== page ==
). However, the apparent protective effect of TNF is partially due to the defective immune regulation that results from its absence, leading to massive TH
1 type immune activation, tissue necrosis, and death (19
). A direct role for TNF in antimycobacterial activity of macrophages has been controversial, and recent data suggest that TNF facilitates growth of virulent, but not attenuated strains of Mtb (21
) in cultured human macrophages, suggesting that induction of TNF may be an important virulence strategy of Mtb. Previous studies of Mtb infection in TNF-deficient mice have shown that bacterial burdens are unaffected during the first 2 wk of infection, suggesting either that TNF has no role in early growth of Mtb, or that TNF has equal and opposing effects on bacterial growth during early infection in vivo. In this latter model, loss of a growth promoting effect of TNF in macrophages would be counterbalanced in vivo by loss of a growth restricting effect of TNF produced by other cell types (43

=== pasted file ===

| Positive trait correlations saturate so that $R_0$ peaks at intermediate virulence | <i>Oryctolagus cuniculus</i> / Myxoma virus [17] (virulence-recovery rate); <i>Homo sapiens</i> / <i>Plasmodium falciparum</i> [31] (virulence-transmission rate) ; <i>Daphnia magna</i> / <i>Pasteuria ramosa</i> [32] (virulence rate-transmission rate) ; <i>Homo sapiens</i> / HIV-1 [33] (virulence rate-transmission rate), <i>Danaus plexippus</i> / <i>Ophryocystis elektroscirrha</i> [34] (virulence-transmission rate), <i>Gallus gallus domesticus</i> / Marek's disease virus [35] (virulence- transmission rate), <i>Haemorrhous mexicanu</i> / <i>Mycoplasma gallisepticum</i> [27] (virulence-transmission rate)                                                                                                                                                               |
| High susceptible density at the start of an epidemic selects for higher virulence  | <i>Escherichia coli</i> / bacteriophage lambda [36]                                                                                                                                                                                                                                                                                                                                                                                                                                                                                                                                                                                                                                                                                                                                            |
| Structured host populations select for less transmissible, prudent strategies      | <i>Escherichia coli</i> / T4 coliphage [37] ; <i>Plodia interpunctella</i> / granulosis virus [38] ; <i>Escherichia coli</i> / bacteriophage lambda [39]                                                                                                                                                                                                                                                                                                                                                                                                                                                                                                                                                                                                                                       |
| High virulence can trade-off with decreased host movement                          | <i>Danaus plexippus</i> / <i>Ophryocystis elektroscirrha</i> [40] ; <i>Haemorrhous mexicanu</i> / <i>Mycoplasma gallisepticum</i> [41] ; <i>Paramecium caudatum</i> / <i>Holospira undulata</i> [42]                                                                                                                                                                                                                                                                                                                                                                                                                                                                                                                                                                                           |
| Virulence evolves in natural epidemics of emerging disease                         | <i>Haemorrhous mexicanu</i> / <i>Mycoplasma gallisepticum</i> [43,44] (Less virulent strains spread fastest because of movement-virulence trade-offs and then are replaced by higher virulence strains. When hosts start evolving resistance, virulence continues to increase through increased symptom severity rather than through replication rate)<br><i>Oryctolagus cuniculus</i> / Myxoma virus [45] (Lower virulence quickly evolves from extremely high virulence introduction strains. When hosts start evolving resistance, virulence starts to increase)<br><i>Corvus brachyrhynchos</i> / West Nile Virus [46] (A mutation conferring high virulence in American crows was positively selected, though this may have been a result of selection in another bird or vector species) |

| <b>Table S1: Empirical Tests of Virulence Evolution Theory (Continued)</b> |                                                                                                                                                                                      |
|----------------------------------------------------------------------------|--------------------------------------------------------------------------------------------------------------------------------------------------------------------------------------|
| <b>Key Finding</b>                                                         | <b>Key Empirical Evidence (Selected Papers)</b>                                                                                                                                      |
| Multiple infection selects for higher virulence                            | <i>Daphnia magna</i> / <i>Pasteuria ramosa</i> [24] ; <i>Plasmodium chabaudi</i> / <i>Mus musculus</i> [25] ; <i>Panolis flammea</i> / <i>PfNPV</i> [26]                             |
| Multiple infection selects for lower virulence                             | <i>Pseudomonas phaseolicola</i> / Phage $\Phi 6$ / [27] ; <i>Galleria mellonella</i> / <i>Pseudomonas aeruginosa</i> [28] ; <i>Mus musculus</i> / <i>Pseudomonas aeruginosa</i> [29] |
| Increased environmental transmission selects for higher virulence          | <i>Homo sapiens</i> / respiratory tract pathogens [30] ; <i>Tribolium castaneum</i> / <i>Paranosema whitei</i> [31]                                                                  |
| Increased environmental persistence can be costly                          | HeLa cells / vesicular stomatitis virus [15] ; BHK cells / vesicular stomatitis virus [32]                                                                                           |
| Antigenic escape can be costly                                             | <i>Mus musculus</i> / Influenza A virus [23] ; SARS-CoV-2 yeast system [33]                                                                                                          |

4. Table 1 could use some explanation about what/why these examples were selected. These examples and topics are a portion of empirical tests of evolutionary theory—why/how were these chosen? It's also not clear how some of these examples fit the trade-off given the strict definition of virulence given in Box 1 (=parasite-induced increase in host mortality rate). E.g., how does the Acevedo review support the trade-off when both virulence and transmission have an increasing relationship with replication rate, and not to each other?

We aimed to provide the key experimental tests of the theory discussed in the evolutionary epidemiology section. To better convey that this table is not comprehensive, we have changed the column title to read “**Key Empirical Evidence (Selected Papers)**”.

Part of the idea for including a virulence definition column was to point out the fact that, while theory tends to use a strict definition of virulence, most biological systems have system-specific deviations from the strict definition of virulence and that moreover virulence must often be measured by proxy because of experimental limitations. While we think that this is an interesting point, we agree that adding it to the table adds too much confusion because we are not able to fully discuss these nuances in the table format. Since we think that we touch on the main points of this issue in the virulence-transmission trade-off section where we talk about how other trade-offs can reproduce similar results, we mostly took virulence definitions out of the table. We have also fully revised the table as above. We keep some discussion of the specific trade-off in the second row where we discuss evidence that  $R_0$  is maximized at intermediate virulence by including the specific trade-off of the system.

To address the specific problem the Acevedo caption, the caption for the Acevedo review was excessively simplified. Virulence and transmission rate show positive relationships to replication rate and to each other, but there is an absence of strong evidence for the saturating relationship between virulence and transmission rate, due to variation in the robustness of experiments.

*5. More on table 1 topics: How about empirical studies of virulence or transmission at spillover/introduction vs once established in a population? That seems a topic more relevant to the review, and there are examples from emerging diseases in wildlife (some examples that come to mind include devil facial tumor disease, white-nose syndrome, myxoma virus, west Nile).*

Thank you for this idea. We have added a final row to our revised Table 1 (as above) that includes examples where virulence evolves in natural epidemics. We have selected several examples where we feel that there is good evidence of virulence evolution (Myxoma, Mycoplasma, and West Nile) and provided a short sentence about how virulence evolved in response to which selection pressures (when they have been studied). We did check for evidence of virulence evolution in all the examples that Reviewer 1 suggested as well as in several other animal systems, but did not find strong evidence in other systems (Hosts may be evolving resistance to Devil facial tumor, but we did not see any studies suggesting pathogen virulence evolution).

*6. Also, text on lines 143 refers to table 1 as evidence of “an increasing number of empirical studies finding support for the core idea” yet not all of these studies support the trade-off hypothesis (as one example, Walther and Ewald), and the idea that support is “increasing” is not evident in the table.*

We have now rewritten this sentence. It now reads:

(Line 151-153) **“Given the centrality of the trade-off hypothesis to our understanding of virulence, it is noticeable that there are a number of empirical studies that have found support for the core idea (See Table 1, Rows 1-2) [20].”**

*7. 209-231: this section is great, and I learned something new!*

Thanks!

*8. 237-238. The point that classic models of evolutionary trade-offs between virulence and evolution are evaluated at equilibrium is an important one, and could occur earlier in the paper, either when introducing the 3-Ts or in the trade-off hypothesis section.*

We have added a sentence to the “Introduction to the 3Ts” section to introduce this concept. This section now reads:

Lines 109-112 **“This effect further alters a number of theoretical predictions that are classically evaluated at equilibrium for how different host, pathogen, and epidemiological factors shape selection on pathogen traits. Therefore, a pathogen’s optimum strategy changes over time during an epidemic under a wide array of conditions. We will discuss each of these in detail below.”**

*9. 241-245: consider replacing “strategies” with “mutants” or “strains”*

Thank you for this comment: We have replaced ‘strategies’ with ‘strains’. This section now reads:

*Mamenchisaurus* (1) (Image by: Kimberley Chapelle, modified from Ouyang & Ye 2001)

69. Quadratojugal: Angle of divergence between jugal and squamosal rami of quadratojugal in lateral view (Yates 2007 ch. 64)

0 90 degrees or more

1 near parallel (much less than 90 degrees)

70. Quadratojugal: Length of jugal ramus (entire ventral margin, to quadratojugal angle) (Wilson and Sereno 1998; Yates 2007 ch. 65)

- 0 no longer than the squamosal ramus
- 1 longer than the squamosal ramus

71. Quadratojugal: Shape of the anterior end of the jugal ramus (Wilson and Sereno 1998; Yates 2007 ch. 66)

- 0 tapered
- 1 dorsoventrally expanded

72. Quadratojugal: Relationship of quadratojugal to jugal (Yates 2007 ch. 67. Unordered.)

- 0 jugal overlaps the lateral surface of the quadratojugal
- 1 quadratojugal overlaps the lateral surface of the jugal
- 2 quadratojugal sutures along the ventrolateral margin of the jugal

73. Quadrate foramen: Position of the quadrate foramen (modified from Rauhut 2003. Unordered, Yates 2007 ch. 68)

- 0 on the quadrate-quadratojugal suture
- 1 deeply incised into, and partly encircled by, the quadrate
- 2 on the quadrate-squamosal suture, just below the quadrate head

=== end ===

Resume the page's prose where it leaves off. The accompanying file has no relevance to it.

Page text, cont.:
). This model is consistent with the data presented here in which the growth of the pcaA
mutant is restricted in wild-type mice but recovers to wild-type Mtb growth levels in TNF-deficient mice. The data presented here indicate that Mtb has evolved cyclopropane lipid modification to manipulate the host TNF axis. In the case of the ΔpcaA
mutant, defective growth in the first week after aerosol infection and altered innate immune recognition during this period attenuated the later pathology of the infection. As shown in our previous study (8
), this dramatically alters the course of chronic Mtb infection, and thus emphasizes the powerful interrelationship between innate and adaptive immunity in this infection.
Our results expand earlier studies that examined the role of cell envelope lipids in immunopathogenesis of Mtb infection. A clinical strain of Mtb that was hypervirulent for mice induced lower levels of TNF in mouse lung at 28 d (44
) and was hypoinflammatory in cultured macrophages in vitro over the course of a 96-h infection (45
). Recent work indicates that these phenotypes are due to production of phenolic glycolipid by this clinical strain (46